Germany unveils draft bill to Legalize Cannabis
Germany's government is taking steps toward the legalization of cannabis by publishing the draft bill for the first pillar of a two-pillar model designed to dismantle prohibition policies.
German's Ministry of Health published on July 5 the long-waited draft bill to regulate the use of cannabis for personal use, home growing, and the establishment of cannabis growers' associations designed similarly to the cannabis social clubs' model.
The proposed legislation aims to address the first pillar of a comprehensive two-pillar model that will put an end to cannabis prohibition in the European country.
Under the draft bill, adults aged 18 and above will be allowed to possess up to 25 grams of cannabis for personal use and cultivate a maximum of three plants. However, the consumption of cannabis in the "immediate vicinity" of individuals under 18, within a 200-meter radius of schools, children's and youth facilities, playgrounds, publicly accessible sports facilities, and pedestrian zones between 7 am and 8 pm, will remain prohibited. It's important to note that fines and criminal charges will continue to be imposed for specific unlawful activities.
The draft bill also laid the foundations for the establishment of cannabis growers' associations (Anbauvereinigungen).
The proposed legislation allows an association to accept up to 500 members. Each member belonging to the association is eligible to receive either 25 grams per day or 50 grams per month for personal use. Additionally, associations have the authority to supply each member with a maximum of seven seeds per month, which can be imported, or five cuttings per month.
The consumption of cannabis will be prohibited inside associations and within a 200-meter distance from their entrance. Additionally, associations are prohibited from engaging in any form of advertising or sponsoring their activities.
Germany's state governments have the authority to regulate the number of associations permitted in a district or urban area by issuing ordinances with a maximum limit of one association per 6,000 inhabitants.
But what is a real game-changer for Germany is the removal of cannabis from the Narcotics Drugs Act (Betäubungsmittelgesetz, BtMG) and other related laws. This move grants the medical cannabis industry more flexibility, although it should be noted that the proposed legislation does not alter the existing medical cannabis industry substantially. Instead, it primarily focuses on improving access to medical cannabis by allowing patients to obtain a regular cannabis prescription rather than a specialized narcotic prescription for their medication.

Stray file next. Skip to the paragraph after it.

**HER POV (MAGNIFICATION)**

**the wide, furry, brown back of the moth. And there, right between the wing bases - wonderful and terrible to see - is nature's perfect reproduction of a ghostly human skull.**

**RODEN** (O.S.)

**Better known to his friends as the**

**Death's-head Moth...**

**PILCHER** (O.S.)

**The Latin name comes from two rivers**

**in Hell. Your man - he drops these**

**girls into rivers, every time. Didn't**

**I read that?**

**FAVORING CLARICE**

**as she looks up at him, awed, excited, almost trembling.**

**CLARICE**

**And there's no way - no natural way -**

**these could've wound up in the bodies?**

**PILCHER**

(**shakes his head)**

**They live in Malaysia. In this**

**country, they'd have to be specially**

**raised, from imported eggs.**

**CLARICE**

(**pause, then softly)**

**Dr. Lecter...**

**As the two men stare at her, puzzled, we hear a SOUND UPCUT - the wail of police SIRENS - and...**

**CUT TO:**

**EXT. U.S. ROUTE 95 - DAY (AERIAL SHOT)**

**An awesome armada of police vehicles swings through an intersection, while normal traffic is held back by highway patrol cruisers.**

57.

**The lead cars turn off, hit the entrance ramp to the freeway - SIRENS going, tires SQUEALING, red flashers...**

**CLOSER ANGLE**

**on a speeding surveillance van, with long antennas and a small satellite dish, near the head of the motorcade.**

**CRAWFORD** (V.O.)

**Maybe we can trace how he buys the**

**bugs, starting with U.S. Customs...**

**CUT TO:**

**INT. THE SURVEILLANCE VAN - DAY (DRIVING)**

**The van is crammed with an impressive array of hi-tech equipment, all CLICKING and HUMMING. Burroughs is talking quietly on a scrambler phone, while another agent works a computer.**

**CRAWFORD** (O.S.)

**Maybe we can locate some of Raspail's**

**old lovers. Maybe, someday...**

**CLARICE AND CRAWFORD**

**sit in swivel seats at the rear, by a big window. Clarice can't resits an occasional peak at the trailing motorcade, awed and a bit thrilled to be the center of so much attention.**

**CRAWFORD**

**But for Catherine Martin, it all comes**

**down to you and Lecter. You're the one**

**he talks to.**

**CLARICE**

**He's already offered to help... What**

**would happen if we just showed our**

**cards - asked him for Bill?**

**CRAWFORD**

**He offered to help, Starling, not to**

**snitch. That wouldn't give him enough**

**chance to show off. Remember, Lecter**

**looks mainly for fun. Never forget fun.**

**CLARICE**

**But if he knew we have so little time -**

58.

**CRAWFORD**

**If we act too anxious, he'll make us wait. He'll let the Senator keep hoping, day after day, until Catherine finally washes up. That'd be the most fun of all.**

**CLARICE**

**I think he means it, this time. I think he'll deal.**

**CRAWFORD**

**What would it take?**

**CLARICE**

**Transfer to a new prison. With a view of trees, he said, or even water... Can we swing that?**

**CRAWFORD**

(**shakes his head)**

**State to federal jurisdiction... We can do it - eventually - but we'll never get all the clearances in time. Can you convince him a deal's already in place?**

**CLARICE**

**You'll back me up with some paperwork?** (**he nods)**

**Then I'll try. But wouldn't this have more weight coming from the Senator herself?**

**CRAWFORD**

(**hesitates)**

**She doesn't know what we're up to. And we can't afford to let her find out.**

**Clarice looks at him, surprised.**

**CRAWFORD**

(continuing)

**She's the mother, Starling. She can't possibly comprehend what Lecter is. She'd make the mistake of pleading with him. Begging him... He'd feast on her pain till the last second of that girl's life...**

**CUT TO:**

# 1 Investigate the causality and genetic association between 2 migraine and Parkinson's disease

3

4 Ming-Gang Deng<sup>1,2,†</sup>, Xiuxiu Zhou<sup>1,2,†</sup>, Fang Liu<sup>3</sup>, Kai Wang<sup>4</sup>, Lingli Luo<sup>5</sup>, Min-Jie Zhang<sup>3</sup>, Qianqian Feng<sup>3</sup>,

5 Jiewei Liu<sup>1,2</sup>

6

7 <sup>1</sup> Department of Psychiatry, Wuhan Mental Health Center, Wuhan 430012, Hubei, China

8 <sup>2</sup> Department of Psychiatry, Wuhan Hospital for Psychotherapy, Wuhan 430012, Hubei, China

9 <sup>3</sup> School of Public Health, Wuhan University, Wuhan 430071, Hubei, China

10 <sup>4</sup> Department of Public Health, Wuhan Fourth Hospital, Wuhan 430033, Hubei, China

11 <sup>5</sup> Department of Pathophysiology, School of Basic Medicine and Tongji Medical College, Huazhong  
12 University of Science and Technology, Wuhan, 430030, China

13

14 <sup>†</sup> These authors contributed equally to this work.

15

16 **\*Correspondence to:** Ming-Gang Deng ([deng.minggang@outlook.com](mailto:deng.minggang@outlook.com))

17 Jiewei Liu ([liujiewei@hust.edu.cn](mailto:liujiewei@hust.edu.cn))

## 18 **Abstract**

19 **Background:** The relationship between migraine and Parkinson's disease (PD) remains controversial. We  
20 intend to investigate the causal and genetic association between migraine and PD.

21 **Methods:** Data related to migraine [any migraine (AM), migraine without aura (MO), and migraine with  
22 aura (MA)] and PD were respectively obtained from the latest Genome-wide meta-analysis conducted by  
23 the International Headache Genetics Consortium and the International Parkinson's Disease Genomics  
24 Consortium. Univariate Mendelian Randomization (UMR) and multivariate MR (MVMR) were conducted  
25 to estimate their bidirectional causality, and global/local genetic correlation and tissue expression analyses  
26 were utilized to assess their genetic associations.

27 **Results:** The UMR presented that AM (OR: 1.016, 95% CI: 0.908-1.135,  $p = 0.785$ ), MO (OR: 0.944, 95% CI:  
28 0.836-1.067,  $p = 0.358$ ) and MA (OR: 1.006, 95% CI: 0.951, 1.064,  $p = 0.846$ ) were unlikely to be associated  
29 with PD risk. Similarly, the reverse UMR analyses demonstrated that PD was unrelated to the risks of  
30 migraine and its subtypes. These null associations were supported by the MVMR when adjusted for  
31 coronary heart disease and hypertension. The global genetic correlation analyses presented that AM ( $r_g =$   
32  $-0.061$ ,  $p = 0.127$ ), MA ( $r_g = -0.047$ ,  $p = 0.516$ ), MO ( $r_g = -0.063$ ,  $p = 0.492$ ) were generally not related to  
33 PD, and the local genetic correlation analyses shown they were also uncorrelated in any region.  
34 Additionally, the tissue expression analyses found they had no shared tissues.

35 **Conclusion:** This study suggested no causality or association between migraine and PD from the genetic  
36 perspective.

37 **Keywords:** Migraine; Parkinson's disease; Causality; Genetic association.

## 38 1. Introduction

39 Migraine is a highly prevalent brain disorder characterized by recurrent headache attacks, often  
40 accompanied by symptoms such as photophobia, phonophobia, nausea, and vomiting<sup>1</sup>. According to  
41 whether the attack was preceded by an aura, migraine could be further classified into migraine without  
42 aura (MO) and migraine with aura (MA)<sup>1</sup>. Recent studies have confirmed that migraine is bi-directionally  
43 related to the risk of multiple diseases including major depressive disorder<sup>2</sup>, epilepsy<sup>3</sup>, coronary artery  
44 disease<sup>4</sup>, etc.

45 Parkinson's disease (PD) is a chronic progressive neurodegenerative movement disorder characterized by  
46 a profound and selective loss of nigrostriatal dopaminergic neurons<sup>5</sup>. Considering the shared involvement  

The draft bill related to the second pillar of Germany's legalization model will be published in the second half of 2023 after being reviewed by the European Commission, and it will be about regional pilot projects with commercial supply chains, likely following the model in Switzerland and the Netherlands.
Overall, the two-pillar model planned by the German government to legalize cannabis for personal use in the country aims to address public health protection, prevention, and education about the use of cannabis, curb the illicit market, and strengthen child and youth protection.
Whether this model can effectively achieve these goals remains to be seen. It needs to be taken into consideration that Germany initially had an ambitious plan to legalize cannabis in the country by building up a commercial supply chain for adult-use cannabis with a potential tax revenue of billions of dollars, which would have made it the first European country to legalize the sale of cannabis.
However, it has then faced the legal hurdles of international and European laws that don't allow access to cannabis for recreational use. Although the international treaties could have had less impact in terms of legal consequences, as seen in the cases of Uruguay and Canada, the breach of EU laws on narcotics could lead to severe sanctions. This is why the German government revised its plan and introduced a draft bill that aligns more with European laws by excluding the commercial sales of cannabis products.
By adopting a non-commercial model to legalize cannabis in the country, Germany could become the third EU member to regulate personal use, following in the footsteps of Malta and Luxembourg.
But the importance of legalization in Germany lies in the fact that more European countries could follow a similar model, triggering other countries to pursue cannabis regulation. This has already happened in the Czech Republic, which announced its intention to legalize cannabis after Berlin.
Furthermore, the establishment of regional pilot projects in Germany following the European Commission's review, could trigger other EU countries to consider experimenting with the controlled sale of cannabis products. This would allow them to assess the effects of full legalization. However, it will be up to the EU to review its laws regarding the regulation of recreational cannabis sales within member countries.
But for now, it will be up to Germany to successfully implement the draft legislation and put it into effect.
The Ministry of Health's draft bill is expected to be approved by the cabinet by August. Following that, the law would need to be passed by the Bundestag, the German federal parliament. Therefore, a decision on cannabis legalization could potentially be made this year.